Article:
A stroll through a state fair would likely meander through a series of barns housing livestock, by vendors selling and celebrating foods of the region, and to informational booths educating the public on agricultural practices and innovations. Though they often offer amusements rides, music and other forms of entertainment, pride in the state’s agriculture is the backbone of our country’s state fairs.
Tanzania’s Nane Nane Day might be compared to a state fair. Literally meaning ”eight eight” in Swahili, the national holiday on August 8 is also known as Farmers Day. Nane Nane Day celebrates the contributions of all involved in agriculture.
On this Nane Nane Day, 2018, let’s take a closer look at agriculture in Tanzania.
To understand its importance, consider that 80% of men and 84% of women in the labor force work in agriculture. (5) Most of these laborers are smallholder farmers, with few families cultivating more than two hectares (equivalent to roughly 5 acres) of land. (2) In 2017, the agricultural sector contributed 30% of the country’s GDP. (7) Over 90% of the food consumed in Tanzania is home grown. (3)
Crop production constitutes the largest segment of Tanzania’s agricultural GDP at 55%. That is followed by livestock at 30% and natural resources at 15%. (5)
With a wide range of Tanzanian geographic zones and climates, a diverse group of crops are grown. In the northern and southern highlands, maize is a major crop. (2) Coffee is also grown in the highlands, often under the shade of banana trees. The northwestern portion of the country, around and near Lake Victoria, is another coffee-growing region.
In southern Tanzania, macadamia nuts, avocados and potatoes are grown in addition to coffee. (1)
Photo Credit: Maxime Niyomwu/Unsplash
Traditionally, cotton has been grown in the northwest. However, farmers in other regions have begun to grow the crop as the expectation for favorable prices increases. As a result, cotton production is expected to quadruple in 2018. (6)
In the tropical coastal belt, farmers harvest cassava ( a nutty-flavored, starchy root vegetable).
Rice is grown in an area spreading west from Dar es Salaam, while millet (a tiny, round grain) and sorghum( a cereal grain) are grown in the central plateau. (2) In Zanzibar, farmers grow a variety of fruits, vegetables and spices, notably, cloves. (3)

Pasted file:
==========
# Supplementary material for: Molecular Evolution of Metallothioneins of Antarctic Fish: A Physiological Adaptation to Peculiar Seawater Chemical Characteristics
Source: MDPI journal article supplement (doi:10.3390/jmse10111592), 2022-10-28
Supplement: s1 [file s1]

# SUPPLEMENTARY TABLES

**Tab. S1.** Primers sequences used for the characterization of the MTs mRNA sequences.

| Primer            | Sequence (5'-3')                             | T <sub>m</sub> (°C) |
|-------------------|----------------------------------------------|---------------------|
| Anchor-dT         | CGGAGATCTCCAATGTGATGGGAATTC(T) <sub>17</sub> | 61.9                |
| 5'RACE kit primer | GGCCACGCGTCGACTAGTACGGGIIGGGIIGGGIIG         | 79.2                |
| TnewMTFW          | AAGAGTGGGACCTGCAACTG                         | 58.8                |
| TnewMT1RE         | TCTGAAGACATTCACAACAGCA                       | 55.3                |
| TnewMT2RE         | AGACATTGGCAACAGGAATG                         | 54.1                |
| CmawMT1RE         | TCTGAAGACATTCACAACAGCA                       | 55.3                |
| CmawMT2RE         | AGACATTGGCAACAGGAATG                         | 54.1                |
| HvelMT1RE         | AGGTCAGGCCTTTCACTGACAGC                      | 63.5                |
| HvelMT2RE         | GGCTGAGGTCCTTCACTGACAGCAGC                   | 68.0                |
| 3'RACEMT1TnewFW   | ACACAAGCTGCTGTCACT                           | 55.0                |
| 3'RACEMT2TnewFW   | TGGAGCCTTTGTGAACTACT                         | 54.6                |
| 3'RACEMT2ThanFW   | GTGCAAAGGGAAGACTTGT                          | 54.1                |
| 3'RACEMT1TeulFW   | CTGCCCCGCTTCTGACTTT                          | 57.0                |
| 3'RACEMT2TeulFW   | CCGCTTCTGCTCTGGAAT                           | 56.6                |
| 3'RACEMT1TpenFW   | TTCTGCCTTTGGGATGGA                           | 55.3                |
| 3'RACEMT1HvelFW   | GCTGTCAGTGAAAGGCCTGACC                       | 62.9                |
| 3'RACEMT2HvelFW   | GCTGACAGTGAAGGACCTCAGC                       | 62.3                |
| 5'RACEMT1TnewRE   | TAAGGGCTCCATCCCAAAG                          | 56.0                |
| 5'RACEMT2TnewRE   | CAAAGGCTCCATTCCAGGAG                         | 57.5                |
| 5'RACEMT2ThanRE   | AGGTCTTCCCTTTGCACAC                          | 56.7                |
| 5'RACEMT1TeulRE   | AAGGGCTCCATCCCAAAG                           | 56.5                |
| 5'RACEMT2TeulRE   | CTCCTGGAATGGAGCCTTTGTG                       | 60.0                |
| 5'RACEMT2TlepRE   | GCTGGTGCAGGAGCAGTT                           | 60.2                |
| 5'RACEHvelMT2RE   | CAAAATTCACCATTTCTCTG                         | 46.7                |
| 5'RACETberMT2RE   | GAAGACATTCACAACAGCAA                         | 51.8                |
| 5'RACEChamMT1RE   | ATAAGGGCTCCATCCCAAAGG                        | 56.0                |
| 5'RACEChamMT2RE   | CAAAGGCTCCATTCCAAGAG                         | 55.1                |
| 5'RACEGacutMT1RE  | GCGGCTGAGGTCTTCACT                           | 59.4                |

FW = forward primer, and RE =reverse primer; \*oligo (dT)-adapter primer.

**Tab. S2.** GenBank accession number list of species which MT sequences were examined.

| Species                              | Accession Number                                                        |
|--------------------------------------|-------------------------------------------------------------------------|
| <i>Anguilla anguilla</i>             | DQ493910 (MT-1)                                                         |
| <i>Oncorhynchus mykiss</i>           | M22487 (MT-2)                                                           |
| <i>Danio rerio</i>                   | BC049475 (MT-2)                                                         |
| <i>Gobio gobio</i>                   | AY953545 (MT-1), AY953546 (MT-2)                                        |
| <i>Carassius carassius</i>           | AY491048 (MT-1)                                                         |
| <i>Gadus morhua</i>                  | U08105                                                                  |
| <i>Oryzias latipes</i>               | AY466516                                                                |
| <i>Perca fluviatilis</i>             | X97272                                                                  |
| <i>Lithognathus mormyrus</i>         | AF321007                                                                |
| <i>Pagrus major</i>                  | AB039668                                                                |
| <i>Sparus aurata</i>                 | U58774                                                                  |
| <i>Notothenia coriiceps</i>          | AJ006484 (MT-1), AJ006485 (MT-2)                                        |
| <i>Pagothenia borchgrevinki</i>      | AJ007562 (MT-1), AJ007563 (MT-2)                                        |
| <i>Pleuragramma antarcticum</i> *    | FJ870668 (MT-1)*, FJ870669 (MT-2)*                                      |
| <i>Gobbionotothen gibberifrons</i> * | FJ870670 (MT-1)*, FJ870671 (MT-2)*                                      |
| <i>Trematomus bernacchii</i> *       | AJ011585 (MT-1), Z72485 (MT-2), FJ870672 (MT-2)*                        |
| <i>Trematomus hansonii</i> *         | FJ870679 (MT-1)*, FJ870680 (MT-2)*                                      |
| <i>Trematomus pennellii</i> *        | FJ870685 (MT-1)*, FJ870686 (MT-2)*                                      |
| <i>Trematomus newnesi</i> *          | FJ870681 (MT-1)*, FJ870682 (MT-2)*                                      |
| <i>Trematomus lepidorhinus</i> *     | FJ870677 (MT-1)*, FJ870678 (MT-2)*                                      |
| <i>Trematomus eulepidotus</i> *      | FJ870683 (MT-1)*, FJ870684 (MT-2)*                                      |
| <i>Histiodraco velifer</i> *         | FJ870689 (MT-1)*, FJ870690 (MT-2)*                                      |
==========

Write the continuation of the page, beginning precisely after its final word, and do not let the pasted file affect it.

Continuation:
Of these crops, coffee is a major export, earning 17% of the country’s foreign exchange. Other export crops include cotton, cashews, and tobacco. (3)
The livestock raised by farmers includes poultry, cattle, goats and sheep. The raising of livestock is concentrated in the arid and semi-arid center and north of the country as 60% of Tanzania’s rangeland area is infested with the tsetse fly. Overgrazing has led to the erosion of the land. (3)
Photo Credit: Annie Spratt/Unsplash
The challenges of Tanzanian farmers are substantial. They include limited access to support services and financial capital, dependence on rainfall, climate change, poor rural infrastructure, crop diseases and pests. (5) Among Nane Nane Day’s opportunities is the chance to learn about agricultural best practices, innovations, and progress in sustainable farming. A goal is to educate smallholder farmers to increase the value of their produce and thus, their income. (2)
Photo Credit: John Matychuk/Unsplash
Aside from the agricultural showcases, the US and Tanzania share one other thing. Following the browsing, observing and learning, it’s time to hit the food stands! Americans’ fair favorites are buttery corn on the cob, cream puffs and deep fried cheese curds. In Tanzania, a favorite is chips mayai, fried potatoes with an egg slathered on top.
Tanzanians, enjoy your Nane Nane Day!